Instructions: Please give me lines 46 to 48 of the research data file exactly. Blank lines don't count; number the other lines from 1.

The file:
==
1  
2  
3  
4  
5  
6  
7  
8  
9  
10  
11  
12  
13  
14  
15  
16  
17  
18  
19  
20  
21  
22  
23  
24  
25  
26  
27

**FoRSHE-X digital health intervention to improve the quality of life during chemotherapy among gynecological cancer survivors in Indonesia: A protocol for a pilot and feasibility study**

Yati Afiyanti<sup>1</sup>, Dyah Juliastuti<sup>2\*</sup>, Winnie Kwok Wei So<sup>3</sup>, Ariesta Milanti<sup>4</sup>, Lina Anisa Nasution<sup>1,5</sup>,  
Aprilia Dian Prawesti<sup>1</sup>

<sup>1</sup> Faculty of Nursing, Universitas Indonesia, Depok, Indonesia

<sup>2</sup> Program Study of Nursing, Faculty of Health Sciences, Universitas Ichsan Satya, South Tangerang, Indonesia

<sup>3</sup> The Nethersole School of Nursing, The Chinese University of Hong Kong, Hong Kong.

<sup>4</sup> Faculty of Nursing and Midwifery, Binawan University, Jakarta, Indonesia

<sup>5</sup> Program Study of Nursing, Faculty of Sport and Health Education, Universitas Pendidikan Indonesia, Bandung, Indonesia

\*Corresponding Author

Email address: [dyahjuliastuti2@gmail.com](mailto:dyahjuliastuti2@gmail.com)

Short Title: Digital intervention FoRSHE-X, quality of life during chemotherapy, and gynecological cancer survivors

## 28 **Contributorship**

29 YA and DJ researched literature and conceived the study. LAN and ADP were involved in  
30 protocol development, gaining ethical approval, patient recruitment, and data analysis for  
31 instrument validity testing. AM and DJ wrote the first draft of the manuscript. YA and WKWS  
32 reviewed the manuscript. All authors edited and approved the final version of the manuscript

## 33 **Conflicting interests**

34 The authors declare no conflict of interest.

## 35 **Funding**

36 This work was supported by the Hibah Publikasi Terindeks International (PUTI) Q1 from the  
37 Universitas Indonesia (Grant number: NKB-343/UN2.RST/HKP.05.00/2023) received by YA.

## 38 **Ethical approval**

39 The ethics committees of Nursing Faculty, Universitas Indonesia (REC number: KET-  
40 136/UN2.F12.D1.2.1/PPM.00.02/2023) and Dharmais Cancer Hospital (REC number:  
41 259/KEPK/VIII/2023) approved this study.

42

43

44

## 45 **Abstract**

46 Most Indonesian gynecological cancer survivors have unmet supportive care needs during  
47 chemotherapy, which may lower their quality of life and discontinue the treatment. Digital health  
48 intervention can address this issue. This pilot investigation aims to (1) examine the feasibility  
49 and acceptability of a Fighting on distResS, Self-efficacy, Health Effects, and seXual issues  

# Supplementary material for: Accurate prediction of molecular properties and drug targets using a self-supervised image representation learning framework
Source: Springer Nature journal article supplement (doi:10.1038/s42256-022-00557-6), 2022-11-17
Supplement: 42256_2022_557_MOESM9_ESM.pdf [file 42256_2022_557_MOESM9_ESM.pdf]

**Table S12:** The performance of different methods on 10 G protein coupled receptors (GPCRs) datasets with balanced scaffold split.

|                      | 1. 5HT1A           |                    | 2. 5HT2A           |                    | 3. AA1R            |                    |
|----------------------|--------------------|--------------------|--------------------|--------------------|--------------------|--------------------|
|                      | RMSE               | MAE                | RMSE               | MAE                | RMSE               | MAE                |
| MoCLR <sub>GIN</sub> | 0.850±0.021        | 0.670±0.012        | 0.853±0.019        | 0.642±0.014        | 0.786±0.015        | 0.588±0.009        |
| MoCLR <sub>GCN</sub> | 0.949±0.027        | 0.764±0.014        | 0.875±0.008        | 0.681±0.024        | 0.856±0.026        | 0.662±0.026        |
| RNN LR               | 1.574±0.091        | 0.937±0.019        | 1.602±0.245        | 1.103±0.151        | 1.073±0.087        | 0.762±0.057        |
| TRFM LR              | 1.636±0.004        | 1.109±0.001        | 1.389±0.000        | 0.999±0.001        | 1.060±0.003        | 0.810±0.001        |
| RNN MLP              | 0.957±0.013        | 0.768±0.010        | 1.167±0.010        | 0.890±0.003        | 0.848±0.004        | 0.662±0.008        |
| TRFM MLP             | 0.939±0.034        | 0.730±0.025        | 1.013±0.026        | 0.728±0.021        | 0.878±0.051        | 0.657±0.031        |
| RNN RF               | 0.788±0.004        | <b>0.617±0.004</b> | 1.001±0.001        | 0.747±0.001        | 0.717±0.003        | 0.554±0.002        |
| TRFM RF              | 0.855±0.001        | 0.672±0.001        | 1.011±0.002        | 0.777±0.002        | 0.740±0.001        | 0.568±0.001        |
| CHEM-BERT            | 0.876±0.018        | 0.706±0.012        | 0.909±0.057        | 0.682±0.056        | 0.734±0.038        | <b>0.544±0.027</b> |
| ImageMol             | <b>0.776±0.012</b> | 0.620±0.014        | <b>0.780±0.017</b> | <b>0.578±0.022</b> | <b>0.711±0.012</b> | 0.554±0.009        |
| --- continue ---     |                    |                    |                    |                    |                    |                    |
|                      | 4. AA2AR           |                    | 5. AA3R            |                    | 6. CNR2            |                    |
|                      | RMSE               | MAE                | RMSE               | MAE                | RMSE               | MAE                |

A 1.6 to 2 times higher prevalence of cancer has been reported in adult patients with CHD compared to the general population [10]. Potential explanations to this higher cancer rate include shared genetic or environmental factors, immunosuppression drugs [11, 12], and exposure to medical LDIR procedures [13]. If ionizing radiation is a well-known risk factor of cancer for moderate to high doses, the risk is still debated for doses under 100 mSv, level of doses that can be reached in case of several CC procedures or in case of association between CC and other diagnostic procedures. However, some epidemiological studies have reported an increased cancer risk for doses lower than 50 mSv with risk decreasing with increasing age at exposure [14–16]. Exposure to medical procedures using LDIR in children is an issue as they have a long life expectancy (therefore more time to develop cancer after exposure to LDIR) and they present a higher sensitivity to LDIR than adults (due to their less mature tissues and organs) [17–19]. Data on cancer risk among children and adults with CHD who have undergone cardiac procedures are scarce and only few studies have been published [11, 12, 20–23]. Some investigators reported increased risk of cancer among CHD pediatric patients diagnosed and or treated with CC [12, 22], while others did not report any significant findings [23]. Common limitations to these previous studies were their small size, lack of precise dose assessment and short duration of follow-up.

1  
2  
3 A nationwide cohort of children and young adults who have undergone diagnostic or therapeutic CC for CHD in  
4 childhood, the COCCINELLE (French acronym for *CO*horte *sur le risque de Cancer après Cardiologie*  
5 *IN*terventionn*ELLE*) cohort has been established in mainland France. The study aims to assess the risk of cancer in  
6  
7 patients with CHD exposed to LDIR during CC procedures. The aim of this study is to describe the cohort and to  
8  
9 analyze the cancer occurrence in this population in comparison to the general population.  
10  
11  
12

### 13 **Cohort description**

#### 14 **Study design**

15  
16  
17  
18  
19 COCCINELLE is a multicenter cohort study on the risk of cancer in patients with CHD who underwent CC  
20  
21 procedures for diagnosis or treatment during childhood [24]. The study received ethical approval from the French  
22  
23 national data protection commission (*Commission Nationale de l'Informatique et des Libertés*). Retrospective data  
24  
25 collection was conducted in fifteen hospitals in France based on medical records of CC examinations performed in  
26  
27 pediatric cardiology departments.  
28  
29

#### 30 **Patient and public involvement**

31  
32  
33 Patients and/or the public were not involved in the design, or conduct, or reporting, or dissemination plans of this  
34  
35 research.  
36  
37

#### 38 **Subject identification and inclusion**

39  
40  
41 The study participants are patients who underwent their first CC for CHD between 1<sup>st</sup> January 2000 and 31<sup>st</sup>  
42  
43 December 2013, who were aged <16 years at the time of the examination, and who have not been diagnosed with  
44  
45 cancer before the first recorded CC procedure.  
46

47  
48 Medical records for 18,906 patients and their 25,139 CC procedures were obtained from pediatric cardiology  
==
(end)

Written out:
## 35 **Funding**

36 This work was supported by the Hibah Publikasi Terindeks International (PUTI) Q1 from the  
37 Universitas Indonesia (Grant number: NKB-343/UN2.RST/HKP.05.00/2023) received by YA.